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Being special

This article focuses on my idea of developing a team in the long term — some theoretical thoughts and practical suggestions.

Before reading this one, please read my posts 'About the engineering manager role' and 'About professional growth,' as I will refer to things I already wrote.

Good team

The idea is pretty simple: to build one good team and then scale it if you feel good about the results.

A good team is a virtual or real place where people like to be together. That means they do something together, and the result is good, and they know about each other's strengths and weaknesses and use this knowledge to do something together as efficiently as possible.

A good team is independent, and they have some domain knowledge, which might be hard to learn for newcomers or people from other groups. Still, they also have suitable interfaces: to request something from the team or how to use technology or product they are working on.

There are plenty of ways to get there and much more to fail. There are gazillions of articles about the importance of feedback, personal growth for engineers, and other practices that should bring you good results.

I want to focus on my trick. Whole my life, I feel I am not like the others: not better or worse. I find myself often opposed to the majority. No need for a therapist's opinion: it comes from childhood, from the poor and soviet style schooling system, from very irrational thinking and behavior of adults: which is supposed to be very clever and the ideal of smartness.

I recently got a photo from my father of my younger school notebook. There is a note from the teacher with the red ink: "What a notebook is this?" referring to, what, I can only guess now, rock bands logos drew by my, childish, hand on the notebook cover. And right after teacher's goes mine, with several childish typos: 'Its a prety notebok'.

Anyway, no doubt it is within me, and what I often hear from my peers is making me accept that I could be a pain in the ass.

But what if I could use it for good and not just suffer from the consequences?

Naturally, as I built a team, I eventually let them inherit this 'a bit rebellious' spirit. It reflects in how we hate bureaucracy and useless meetings and how we avoid using standard tools that aren't fit for a particular moment; even when this happens, and there is no way to prevent it, we do everything we can to:

a. let everyone know we were forced to do it and why we aren't happy

b. contribute to the tools, so they have a better fit for our needs

So as you can see, team does not go all punk: we are still part of the more extensive ecosystem, but we express a detectable level of criticism and doubt in everything we do, including our own decisions.

It's wrong to say only we are unique. Every team feels this when they work together long enough and cover some domain knowledge and codebase.

So I propose to focus on that feeling and cherish it. Let it grow. Yes, we are part of a giant (probably) company with some culture, etc. But also, some things make us us, special and unique.

You can't make it happen by having moronic team buildings, parties, and that's it. But you can grow this uniqueness right after you have some level of trust among the team, including yourself.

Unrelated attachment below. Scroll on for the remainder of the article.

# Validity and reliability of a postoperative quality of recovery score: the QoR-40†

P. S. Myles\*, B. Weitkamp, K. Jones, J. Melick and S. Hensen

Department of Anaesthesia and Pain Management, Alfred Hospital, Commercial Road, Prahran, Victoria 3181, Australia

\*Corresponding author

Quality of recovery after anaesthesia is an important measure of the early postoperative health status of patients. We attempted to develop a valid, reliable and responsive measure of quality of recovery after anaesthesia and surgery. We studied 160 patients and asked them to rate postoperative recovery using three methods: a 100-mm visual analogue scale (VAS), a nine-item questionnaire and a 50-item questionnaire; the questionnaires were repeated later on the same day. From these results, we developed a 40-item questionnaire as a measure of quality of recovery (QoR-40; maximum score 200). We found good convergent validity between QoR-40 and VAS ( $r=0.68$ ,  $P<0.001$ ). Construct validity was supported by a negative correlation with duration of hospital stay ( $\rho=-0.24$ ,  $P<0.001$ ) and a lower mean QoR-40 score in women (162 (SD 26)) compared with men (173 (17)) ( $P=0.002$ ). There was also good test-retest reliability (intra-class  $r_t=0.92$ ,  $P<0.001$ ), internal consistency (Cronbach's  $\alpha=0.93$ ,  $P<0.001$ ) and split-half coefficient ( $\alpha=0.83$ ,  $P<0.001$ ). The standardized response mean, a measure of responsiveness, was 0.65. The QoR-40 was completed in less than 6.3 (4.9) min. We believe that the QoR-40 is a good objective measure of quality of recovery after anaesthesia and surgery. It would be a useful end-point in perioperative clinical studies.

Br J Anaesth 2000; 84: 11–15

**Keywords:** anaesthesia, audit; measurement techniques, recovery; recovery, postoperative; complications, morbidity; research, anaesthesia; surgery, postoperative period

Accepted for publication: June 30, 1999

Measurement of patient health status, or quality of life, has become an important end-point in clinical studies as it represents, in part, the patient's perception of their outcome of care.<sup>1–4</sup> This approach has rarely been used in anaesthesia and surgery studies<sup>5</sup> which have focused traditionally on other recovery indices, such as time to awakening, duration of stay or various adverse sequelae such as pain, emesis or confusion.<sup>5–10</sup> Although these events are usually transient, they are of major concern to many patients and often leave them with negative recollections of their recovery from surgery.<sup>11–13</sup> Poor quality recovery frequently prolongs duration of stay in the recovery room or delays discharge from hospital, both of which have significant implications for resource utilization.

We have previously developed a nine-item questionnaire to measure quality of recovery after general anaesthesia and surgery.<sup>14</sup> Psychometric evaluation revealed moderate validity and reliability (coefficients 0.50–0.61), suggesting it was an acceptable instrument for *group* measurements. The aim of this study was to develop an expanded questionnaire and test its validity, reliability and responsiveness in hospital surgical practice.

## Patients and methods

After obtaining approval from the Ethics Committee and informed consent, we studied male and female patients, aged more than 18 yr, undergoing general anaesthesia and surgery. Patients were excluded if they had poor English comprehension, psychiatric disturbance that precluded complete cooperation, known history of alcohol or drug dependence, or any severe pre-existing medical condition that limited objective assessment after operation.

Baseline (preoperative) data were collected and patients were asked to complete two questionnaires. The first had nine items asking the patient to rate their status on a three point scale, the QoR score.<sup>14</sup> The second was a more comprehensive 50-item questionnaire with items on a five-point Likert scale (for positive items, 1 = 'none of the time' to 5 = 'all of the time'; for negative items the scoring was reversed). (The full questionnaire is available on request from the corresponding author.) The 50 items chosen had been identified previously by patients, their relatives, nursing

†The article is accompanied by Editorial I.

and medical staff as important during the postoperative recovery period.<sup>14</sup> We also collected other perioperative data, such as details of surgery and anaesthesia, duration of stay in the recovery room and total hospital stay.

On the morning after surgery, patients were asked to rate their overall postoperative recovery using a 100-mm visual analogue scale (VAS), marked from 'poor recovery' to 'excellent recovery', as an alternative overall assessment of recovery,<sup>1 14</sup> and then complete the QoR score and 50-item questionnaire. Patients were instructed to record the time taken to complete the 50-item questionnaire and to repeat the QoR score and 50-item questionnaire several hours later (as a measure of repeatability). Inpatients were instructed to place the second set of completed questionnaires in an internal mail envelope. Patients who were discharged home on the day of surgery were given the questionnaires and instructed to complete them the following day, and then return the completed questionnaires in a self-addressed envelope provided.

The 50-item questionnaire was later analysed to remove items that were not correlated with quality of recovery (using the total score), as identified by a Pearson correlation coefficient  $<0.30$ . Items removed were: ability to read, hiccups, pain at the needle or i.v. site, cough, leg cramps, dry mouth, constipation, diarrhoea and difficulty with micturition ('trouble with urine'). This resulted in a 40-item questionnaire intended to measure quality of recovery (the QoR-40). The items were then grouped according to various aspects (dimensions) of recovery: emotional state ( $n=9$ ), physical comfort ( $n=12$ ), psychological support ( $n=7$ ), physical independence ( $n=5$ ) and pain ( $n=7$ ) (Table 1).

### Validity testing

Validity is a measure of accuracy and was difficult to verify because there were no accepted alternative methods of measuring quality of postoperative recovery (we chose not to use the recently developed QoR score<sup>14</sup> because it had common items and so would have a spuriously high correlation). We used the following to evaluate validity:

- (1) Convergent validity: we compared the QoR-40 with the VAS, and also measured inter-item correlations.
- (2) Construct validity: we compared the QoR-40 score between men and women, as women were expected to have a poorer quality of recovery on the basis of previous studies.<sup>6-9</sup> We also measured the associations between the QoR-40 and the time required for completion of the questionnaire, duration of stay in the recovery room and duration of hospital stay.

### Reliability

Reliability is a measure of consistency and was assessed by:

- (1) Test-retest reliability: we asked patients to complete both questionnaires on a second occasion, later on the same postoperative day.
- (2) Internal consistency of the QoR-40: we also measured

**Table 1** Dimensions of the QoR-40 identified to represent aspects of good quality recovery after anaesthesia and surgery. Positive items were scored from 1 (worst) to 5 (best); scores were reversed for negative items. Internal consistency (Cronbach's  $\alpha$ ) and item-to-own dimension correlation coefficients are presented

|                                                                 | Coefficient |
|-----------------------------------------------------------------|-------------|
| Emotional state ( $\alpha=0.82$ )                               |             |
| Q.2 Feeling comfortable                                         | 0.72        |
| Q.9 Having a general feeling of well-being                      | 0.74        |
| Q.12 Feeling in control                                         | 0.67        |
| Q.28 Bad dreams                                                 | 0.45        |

What does it mean to have trust:

  • Each person is reliable: if you commit to something, you have to deliver results (keep in mind: bad results are also results). And this is scalable to the team. In a way, it's a reputation for being a reliable and dedicated group.

  • The team is a safe space to share what is bothering you, even if it's unrelated to work. Yes, it might be a bit overwhelming, and daily it's better to keep things 'professional'. However, the team should welcome you as a person, not just a function.

  • You all care. Or at least the core group is. Usually, it means that team members are arguing a lot with each other. It's risky, as emotions and ego sometimes blow the lid, but a culture of 'silent agreement' or 'blind trust' is much more destructive.

  • But when you have agreement, or I, dunno how you do it, maybe, majority voted: everyone moves forward synchronized and accepting decision.

And there are many more characteristics of the team with trust. You can easily add your vision.

Anyway, when you achieve it, you can move forward with uniqueness.

When the team has trust inside, it is reliable; you need to add just a bit of specialty spice if it isn't there yet.

Now when it's done, you can scale it to other teams: it's your (one of) growth path as an engineering manager, as I see it. Yes, you leave the nest. You ensure that there is someone who picks up your role, and your next part is to guide this person and, through that person, keep an eye on the team, jumping into the complicated cases as they appear.

I am focusing on that, as I have observed attempts to align many processes and patterns within big companies for quite some years. These efforts are reasonable; however, as often happens, the implementation is heartless and does not count details on the ground level. So it becomes the 'lose sight of the forest for the trees' situation: formality, not common sense, prevails. It's like an attempt to build corporate communism. The best way for a lovely company to become an ugly monster, having only good intentions.

The bottom line is having uniqueness, being special, or even being a bit of a weirdo is a good idea to develop a team.


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